Breaking News Emails
It might have been costly, but Elon Musk appears to have dodged a bullet. Tesla's CEO negotiated a relatively light penalty over the weekend, just days after being sued by the Securities and Exchange Commission for allegedly misleading investors over a plan to take Tesla private.
After a double-digit plunge, Tesla shares rallied Monday, regaining weekend losses triggered by concerns that the automaker could not only face massive fines but also lose its visionary founder. In fact, Musk will have to pay a modest $20 million penalty — the equivalent of a parking fine for someone estimated to be worth as much as $20 billion. He will also have to relinquish his role as Tesla chairman for three years, but will remain on the board and retain his role as Tesla CEO. He has also been banned from tweeting about Tesla news.
“The bulls on Tesla will highlight that this is a great outcome for Tesla — which, relative to the worst case scenario of Elon Musk being removed as an executive at the company, it is,” said Jeffrey Osborne, an analyst with Cowen & Co.
“Ignore the distractions,” Musk himself told Tesla employees in one of several e-mails obtained by CNBC. In a pitch meant to get his staff focused on what matters, Musk declared that Tesla is “very close” to finally turning a profit, something he said would be part of an “epic victory.”
But is it going to be just a case of "business as usual" after receiving a relatively modest slap on the wrist? We may have to wait a few weeks to see, though one key test will come through the same medium that got Musk in trouble in the first place: Twitter. The Tesla boss has made extensive use of that and other forms of social media to not only get out news about the battery-carmaker but also to create a cultish following.
“Musk was able to get to this level because of his ability to leverage modern social media. He just didn’t put together the right boundaries — and it blew up,” said Eric Schiffer, chairman of Reputation Management Consultants, a Los Angeles firm that helps celebrities, businessmen and other high-profile individuals.
Exactly what triggered Musk's now legendary announcement in the first place has yet to be revealed. But Musk has added more fuel to the fire, tearing up during a New York Times interview and worrying “the worst is yet to come,” then going on to do a podcast with cutting-edge comic Joe Rogan where he sipped scotch and lit up a joint. There have been widespread reports that the workaholic executive has also become dependent upon Ambien to sleep.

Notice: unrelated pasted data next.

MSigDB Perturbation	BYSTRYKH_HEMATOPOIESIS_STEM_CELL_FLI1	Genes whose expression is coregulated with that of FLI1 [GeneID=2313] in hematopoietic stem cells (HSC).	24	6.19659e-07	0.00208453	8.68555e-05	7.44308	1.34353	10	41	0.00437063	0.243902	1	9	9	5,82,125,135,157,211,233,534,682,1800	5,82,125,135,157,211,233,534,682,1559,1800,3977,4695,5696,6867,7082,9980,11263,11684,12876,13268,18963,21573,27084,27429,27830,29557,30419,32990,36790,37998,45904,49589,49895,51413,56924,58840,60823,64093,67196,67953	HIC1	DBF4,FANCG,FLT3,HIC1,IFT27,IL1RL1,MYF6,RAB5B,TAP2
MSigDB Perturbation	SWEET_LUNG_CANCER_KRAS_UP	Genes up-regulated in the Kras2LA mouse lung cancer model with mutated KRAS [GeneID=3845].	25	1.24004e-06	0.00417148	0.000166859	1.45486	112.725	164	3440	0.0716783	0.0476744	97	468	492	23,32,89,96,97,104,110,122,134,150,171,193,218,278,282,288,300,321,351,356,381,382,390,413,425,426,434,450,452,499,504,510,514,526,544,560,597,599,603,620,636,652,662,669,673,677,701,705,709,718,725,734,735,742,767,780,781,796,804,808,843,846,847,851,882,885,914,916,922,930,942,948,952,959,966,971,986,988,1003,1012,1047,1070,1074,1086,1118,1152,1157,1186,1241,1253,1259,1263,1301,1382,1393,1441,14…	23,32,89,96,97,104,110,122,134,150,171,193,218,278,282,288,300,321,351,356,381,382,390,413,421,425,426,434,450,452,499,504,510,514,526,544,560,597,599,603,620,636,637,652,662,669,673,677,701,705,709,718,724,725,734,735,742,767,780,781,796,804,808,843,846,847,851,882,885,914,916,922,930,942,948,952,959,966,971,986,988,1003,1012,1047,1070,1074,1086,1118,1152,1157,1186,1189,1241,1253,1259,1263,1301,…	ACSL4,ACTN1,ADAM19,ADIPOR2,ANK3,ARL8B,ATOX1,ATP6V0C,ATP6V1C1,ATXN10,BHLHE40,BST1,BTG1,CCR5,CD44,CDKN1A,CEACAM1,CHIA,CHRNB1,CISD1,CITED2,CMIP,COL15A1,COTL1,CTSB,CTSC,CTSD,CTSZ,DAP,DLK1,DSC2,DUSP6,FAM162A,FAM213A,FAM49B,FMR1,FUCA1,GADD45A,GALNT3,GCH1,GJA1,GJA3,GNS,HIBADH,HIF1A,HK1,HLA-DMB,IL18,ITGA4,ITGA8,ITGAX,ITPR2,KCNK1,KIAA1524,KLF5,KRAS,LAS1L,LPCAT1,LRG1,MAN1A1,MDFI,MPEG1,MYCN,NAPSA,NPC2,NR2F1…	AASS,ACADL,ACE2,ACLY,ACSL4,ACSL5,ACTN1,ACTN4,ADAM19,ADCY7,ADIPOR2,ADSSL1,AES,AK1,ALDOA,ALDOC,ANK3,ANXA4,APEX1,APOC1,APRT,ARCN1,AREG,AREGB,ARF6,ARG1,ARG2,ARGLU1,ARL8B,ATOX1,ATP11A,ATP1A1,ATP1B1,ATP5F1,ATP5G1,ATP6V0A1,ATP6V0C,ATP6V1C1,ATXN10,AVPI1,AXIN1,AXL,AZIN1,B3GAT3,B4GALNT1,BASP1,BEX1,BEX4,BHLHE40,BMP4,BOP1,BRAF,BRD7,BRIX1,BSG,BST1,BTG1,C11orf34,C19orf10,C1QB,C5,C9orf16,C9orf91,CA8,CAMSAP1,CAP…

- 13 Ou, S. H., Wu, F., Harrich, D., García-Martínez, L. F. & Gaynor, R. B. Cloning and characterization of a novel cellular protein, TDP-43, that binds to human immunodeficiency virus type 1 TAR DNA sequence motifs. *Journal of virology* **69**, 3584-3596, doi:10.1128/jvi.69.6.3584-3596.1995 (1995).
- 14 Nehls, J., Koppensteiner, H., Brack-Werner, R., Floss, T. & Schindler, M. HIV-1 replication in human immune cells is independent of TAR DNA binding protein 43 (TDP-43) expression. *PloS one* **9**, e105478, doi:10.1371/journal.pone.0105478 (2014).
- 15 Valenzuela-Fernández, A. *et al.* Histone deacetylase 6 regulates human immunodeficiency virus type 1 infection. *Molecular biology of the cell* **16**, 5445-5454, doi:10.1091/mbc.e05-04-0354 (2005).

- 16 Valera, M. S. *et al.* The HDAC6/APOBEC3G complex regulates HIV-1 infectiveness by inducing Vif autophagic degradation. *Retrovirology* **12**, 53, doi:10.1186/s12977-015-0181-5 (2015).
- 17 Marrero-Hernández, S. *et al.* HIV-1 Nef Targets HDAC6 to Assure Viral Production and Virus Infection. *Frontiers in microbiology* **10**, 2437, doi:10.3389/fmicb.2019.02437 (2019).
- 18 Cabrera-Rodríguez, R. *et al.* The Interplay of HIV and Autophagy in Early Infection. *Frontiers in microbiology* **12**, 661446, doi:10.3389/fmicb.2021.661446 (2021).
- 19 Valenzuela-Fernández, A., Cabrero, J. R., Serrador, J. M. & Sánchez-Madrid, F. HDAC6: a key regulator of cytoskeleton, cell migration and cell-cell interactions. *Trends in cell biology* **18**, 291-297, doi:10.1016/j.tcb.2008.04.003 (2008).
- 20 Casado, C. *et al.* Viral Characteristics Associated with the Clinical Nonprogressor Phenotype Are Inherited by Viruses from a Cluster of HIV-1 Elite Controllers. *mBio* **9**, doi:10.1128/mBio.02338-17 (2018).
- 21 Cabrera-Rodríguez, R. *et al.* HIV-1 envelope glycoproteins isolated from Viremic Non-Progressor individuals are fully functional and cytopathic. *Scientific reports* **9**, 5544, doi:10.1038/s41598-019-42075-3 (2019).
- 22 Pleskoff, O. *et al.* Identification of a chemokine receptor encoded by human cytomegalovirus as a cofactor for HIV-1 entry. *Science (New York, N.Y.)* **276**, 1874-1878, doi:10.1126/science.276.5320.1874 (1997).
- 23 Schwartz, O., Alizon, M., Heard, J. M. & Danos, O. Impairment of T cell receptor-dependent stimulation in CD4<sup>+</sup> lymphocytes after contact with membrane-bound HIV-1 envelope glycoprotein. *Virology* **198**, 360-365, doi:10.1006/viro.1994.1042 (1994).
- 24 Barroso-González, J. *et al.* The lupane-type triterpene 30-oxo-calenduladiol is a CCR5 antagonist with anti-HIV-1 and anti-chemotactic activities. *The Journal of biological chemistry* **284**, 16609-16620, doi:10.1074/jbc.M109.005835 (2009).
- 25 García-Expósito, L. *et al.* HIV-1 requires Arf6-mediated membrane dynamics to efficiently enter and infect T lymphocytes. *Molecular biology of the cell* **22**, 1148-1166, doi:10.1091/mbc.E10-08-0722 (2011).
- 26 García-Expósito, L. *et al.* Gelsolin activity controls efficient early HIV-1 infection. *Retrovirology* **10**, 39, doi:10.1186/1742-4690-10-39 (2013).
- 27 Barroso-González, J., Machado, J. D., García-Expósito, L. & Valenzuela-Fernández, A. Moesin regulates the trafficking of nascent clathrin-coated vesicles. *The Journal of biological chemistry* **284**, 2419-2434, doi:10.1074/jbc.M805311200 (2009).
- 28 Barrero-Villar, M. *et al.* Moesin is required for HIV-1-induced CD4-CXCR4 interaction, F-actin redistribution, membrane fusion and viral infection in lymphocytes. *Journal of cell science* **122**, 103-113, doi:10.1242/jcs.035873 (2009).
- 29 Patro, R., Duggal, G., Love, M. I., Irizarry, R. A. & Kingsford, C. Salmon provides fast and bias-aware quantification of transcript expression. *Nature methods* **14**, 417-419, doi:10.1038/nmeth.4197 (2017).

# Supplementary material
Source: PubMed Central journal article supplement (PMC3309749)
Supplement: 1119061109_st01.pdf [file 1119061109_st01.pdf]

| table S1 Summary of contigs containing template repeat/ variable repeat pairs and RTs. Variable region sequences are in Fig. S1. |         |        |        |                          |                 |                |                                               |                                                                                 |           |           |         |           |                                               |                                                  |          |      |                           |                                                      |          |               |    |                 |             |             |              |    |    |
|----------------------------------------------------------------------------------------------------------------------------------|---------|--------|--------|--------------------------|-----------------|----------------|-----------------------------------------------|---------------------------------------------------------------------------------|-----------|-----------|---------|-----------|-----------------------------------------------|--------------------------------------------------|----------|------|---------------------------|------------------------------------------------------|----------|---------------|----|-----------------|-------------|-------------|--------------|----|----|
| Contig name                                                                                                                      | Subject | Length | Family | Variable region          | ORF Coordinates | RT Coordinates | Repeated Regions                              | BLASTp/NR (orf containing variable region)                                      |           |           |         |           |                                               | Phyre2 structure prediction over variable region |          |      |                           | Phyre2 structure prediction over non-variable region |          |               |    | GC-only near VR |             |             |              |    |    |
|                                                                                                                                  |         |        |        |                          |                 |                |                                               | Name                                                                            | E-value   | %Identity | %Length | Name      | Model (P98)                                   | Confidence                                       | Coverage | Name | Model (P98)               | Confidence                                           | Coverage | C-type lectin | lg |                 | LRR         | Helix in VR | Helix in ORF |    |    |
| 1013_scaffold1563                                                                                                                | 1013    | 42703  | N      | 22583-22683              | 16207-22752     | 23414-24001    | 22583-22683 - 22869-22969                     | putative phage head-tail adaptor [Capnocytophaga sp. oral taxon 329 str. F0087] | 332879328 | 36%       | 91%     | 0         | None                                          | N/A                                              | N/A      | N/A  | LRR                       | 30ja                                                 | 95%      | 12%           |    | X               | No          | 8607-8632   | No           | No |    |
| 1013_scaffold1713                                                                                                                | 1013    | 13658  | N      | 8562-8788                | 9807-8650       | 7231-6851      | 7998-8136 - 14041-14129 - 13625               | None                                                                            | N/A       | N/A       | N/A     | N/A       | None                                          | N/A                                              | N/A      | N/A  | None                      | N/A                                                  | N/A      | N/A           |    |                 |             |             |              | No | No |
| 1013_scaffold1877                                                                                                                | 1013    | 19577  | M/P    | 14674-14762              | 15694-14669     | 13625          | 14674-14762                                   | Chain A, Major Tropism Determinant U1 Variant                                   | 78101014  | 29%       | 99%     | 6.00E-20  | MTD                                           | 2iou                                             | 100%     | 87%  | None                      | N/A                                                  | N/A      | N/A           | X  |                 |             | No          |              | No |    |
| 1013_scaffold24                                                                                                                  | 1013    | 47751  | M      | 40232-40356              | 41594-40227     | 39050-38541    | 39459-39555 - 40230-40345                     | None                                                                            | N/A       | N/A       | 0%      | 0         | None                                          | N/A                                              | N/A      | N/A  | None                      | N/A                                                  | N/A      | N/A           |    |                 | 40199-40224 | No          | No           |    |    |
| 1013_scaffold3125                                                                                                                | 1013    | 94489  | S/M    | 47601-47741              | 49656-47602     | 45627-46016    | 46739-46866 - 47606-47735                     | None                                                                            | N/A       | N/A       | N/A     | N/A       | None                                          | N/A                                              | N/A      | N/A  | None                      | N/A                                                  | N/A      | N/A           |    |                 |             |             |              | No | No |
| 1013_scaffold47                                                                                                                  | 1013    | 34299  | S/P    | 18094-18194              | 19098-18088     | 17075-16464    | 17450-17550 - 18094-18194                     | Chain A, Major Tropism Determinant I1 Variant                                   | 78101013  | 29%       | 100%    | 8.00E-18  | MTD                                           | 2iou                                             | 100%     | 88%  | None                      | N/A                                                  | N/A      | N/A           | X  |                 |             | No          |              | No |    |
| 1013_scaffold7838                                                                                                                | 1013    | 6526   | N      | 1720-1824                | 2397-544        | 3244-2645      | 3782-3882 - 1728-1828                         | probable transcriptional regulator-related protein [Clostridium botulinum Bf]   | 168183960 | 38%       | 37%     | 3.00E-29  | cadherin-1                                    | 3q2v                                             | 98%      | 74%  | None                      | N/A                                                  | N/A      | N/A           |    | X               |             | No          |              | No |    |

If anything, reputation expert Schiffer said the brief battle with the SEC may prove to be the best thing that could have happened to Musk. “I think it will be a seminal lesson he will build upon, because the piece holding him back was his level of emotional maturation.” On the other hand, Schiffer cautioned, if Musk doesn’t “look in the mirror” and figure out how to get himself under control, “he might not have an escape hatch in the future as he did with this settlement.”
From a business standpoint, Musk and Tesla have several critical tests coming up. Later this week, the automaker will announce production and sales numbers. Analysts and investors want to see another sharp rise during the third quarter reflecting what appeared to be a breakthrough at Tesla’s troubled Fremont, California, assembly plant during the previous three-month period. Tesla needs to roll out at least 6,000 vehicles a week to be taken seriously and it needs to start addressing an order backlog while also bringing in new orders that will keep its factory humming for the foreseeable future.
Then, in early November, it will report its third-quarter financials. Musk has promised Tesla will be in the black for the last half of 2018, while also delivering positive cashflow. Forecasts vary widely. But, even if it comes close to a profit after record losses in the first half of the year, it would probably stave off the bulls.
There are still plenty of other challenges ahead, however. Tesla faces a number of lawsuits, including several filed by short-sellers who contend the privatization bid was simply meant to hammer them. Then there’s the National Labor Relations Board lawsuit alleging Tesla fired nearly 1,000 workers because they were in favor of unionizing the Fremont plant. There are several more lawsuits outstanding, and Tesla also faces at least two investigations by federal regulators looking at the safety of its vehicles, and the semi-autonomous Autopilot system, in particular.
Those are plenty of “distractions” that Musk, as CEO, and whoever replaces him as chairman really can’t ignore. But the board and key investors are pressing the company founder to tone things down — to rein in the tweets and the podcast appearances.
Musk himself will have to find a balance, recognizing that while his unique approach is a fundamental part of Tesla, it could also cause his empire to crumble.